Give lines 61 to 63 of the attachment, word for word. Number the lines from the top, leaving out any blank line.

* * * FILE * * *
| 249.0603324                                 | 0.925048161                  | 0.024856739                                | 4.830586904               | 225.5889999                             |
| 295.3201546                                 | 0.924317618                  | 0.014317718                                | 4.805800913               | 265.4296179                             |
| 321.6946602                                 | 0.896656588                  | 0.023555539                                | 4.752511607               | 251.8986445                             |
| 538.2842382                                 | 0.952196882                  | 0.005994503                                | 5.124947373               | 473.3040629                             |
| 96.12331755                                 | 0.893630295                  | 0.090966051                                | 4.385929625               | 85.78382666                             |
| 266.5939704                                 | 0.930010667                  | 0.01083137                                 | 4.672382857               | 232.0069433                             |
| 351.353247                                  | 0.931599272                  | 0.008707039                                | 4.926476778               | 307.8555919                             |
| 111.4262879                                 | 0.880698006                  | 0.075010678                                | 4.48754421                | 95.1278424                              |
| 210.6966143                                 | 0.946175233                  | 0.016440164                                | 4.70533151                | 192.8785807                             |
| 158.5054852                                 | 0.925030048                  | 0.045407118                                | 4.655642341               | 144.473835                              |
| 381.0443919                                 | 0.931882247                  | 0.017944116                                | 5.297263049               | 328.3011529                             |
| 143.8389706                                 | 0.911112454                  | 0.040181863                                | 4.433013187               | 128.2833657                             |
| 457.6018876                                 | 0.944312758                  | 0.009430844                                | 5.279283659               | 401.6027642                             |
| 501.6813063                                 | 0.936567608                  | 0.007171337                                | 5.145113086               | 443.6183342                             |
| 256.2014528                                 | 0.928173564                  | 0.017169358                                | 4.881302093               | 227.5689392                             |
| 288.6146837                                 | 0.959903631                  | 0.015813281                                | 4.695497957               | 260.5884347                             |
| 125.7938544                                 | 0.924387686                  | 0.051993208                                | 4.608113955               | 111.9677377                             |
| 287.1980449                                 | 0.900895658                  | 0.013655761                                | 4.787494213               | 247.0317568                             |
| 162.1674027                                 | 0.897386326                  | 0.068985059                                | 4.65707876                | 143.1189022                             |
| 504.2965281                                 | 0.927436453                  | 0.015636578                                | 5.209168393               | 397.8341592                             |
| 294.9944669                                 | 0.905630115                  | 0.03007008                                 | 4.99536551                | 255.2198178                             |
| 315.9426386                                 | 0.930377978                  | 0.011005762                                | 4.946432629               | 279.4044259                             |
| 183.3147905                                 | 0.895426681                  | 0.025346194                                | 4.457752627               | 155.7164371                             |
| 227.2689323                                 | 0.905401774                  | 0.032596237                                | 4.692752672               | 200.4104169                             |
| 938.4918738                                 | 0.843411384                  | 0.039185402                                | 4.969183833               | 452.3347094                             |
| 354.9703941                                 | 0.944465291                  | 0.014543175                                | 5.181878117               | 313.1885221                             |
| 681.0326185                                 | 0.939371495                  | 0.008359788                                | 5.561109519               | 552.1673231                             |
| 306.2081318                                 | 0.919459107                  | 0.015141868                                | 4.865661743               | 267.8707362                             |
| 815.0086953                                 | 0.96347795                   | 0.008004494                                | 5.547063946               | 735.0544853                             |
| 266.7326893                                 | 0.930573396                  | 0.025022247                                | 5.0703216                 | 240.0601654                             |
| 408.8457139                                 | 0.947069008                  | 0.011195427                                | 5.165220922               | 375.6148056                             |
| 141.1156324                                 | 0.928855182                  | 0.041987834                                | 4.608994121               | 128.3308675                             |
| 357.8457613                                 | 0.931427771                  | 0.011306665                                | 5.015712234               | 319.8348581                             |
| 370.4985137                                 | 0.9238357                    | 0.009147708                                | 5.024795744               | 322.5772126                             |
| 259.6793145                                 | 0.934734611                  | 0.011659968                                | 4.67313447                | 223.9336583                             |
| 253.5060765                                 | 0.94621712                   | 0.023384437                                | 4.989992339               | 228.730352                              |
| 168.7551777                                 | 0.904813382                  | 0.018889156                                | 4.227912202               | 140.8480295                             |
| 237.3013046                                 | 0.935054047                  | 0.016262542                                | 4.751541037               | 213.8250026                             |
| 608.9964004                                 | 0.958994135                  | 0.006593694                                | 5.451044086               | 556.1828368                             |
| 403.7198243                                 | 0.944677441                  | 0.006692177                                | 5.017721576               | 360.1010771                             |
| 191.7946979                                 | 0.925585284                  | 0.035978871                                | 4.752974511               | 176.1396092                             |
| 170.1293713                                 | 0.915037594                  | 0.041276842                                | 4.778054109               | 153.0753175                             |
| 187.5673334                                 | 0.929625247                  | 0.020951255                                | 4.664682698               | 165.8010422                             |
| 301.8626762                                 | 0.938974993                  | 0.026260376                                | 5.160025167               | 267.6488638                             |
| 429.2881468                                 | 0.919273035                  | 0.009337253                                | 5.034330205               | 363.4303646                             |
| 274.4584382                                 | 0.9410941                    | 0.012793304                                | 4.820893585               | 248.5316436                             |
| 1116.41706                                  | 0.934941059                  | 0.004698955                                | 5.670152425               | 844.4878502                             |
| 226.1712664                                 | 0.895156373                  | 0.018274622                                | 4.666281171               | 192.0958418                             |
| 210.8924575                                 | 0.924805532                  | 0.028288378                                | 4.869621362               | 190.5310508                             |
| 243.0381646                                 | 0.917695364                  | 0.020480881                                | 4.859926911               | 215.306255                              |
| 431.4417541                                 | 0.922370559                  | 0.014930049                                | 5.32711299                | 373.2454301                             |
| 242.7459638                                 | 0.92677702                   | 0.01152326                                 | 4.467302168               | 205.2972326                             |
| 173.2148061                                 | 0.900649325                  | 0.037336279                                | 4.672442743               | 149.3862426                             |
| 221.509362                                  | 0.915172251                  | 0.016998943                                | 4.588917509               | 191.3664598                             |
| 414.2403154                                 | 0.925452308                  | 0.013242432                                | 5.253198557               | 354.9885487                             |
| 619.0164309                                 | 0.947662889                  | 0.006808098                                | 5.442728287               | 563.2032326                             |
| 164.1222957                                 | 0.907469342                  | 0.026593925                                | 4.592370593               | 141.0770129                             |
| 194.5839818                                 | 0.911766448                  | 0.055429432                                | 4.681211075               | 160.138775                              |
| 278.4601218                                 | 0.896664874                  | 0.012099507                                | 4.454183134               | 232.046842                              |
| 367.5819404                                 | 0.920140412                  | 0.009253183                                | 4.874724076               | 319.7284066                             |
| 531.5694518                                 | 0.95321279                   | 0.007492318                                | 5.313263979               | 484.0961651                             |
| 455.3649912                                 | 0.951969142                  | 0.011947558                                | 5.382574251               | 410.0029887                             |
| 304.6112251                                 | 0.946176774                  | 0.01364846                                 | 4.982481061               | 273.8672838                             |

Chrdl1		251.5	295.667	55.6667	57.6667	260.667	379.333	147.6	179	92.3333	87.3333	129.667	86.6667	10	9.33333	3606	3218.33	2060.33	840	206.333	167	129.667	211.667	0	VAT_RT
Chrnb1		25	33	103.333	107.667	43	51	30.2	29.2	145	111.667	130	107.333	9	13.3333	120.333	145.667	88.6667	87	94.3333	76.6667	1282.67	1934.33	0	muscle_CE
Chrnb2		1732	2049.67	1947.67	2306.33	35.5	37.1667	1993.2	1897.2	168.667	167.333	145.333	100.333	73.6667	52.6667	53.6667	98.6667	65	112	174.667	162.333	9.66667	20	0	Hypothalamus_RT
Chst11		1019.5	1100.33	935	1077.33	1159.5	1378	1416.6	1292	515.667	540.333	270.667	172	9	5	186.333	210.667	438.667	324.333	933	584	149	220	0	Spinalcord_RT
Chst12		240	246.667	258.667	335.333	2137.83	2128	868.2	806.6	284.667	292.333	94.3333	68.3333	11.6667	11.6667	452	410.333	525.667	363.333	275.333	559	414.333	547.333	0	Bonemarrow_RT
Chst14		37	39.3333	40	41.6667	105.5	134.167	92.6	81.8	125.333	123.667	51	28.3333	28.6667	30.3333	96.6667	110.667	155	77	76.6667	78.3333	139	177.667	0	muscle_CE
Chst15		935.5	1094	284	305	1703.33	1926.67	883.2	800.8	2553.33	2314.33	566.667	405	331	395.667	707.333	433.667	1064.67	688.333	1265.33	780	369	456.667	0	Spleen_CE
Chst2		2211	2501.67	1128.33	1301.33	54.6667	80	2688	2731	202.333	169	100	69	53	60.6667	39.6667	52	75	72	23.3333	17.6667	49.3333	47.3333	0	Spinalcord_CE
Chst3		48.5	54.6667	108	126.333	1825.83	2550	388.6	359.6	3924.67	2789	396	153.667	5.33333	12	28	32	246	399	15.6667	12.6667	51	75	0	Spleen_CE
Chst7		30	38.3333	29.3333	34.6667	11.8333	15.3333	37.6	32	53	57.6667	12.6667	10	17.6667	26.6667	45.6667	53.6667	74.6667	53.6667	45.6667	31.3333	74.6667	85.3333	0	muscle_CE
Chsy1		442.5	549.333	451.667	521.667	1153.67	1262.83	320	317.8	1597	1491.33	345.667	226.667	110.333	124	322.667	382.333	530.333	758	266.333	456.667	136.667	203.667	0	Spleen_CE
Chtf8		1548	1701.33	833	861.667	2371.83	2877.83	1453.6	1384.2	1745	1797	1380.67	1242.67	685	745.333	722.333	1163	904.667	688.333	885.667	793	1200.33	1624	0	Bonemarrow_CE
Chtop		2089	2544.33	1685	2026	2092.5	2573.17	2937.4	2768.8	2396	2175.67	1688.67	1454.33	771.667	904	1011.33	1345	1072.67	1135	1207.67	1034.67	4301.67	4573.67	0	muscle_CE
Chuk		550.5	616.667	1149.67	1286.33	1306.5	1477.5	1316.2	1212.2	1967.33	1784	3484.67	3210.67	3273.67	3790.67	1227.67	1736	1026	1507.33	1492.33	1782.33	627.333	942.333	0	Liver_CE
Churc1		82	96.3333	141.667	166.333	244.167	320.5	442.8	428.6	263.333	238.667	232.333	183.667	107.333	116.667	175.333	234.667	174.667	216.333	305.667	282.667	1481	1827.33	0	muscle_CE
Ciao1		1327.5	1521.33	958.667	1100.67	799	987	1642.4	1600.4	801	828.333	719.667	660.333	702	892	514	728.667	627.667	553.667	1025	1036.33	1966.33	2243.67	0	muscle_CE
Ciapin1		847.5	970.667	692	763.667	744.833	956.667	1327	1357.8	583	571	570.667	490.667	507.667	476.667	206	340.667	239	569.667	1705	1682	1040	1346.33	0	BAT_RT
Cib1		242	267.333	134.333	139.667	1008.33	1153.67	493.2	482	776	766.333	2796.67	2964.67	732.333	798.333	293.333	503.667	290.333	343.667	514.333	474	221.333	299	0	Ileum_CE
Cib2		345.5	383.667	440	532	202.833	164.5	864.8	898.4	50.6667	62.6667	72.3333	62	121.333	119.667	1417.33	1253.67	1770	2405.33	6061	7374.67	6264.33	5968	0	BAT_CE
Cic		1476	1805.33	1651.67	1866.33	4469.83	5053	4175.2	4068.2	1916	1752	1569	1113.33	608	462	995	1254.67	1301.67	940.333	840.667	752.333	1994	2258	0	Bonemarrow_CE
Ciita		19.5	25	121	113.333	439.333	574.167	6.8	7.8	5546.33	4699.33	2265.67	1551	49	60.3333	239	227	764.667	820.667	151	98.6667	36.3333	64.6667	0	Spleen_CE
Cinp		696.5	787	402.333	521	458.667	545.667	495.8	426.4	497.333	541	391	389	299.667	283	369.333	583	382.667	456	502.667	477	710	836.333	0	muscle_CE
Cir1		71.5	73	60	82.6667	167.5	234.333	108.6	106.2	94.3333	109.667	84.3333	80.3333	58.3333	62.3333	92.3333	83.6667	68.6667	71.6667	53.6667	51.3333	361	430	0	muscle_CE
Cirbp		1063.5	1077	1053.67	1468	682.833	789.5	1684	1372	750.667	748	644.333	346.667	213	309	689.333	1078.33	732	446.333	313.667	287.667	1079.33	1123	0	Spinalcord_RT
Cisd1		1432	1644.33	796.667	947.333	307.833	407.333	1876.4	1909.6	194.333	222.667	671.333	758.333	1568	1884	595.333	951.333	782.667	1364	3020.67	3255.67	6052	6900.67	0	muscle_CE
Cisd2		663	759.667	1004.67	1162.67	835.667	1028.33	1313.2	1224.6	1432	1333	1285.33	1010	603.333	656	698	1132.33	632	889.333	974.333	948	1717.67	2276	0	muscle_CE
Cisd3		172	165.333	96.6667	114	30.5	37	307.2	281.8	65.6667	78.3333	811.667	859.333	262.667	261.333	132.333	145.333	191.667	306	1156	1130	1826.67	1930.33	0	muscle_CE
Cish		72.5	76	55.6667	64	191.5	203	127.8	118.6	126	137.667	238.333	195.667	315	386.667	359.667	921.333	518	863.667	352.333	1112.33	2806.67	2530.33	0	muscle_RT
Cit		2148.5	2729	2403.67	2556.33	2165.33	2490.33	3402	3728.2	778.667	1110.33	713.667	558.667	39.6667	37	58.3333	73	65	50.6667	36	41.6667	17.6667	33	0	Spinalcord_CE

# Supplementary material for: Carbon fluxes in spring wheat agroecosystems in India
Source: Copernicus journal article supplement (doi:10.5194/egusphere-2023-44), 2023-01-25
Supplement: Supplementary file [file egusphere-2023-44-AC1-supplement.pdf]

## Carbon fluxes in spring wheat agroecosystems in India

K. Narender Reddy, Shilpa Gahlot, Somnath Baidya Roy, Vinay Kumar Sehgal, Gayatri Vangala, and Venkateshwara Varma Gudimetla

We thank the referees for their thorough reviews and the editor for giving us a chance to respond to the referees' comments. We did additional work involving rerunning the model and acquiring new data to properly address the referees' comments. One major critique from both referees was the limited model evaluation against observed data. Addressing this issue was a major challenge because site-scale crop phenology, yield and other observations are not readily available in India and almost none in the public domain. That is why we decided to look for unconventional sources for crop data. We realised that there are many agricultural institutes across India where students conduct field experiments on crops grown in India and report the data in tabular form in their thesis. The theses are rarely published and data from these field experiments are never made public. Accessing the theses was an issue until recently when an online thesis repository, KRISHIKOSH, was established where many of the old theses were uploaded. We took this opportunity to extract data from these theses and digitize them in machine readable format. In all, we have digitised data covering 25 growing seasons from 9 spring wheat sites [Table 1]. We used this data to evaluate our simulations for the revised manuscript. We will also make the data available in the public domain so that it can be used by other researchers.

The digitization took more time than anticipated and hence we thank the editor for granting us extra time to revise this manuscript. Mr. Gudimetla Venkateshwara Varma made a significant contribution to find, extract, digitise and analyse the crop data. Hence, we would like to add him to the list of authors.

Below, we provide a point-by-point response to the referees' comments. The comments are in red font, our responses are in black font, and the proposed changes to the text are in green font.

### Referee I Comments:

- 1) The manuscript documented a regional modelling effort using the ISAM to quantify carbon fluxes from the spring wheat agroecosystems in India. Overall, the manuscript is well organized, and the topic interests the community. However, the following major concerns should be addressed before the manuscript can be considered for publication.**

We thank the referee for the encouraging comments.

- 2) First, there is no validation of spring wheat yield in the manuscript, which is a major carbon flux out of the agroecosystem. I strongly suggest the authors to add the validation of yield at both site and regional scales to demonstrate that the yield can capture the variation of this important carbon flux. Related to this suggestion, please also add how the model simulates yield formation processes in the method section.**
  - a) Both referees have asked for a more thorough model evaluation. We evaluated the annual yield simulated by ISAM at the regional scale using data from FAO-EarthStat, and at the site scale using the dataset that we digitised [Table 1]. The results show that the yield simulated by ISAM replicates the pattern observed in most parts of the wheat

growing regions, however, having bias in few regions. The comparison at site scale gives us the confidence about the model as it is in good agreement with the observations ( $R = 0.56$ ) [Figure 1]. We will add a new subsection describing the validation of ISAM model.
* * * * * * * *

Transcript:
| 531.5694518                                 | 0.95321279                   | 0.007492318                                | 5.313263979               | 484.0961651                             |
| 455.3649912                                 | 0.951969142                  | 0.011947558                                | 5.382574251               | 410.0029887                             |
| 304.6112251                                 | 0.946176774                  | 0.01364846                                 | 4.982481061               | 273.8672838                             |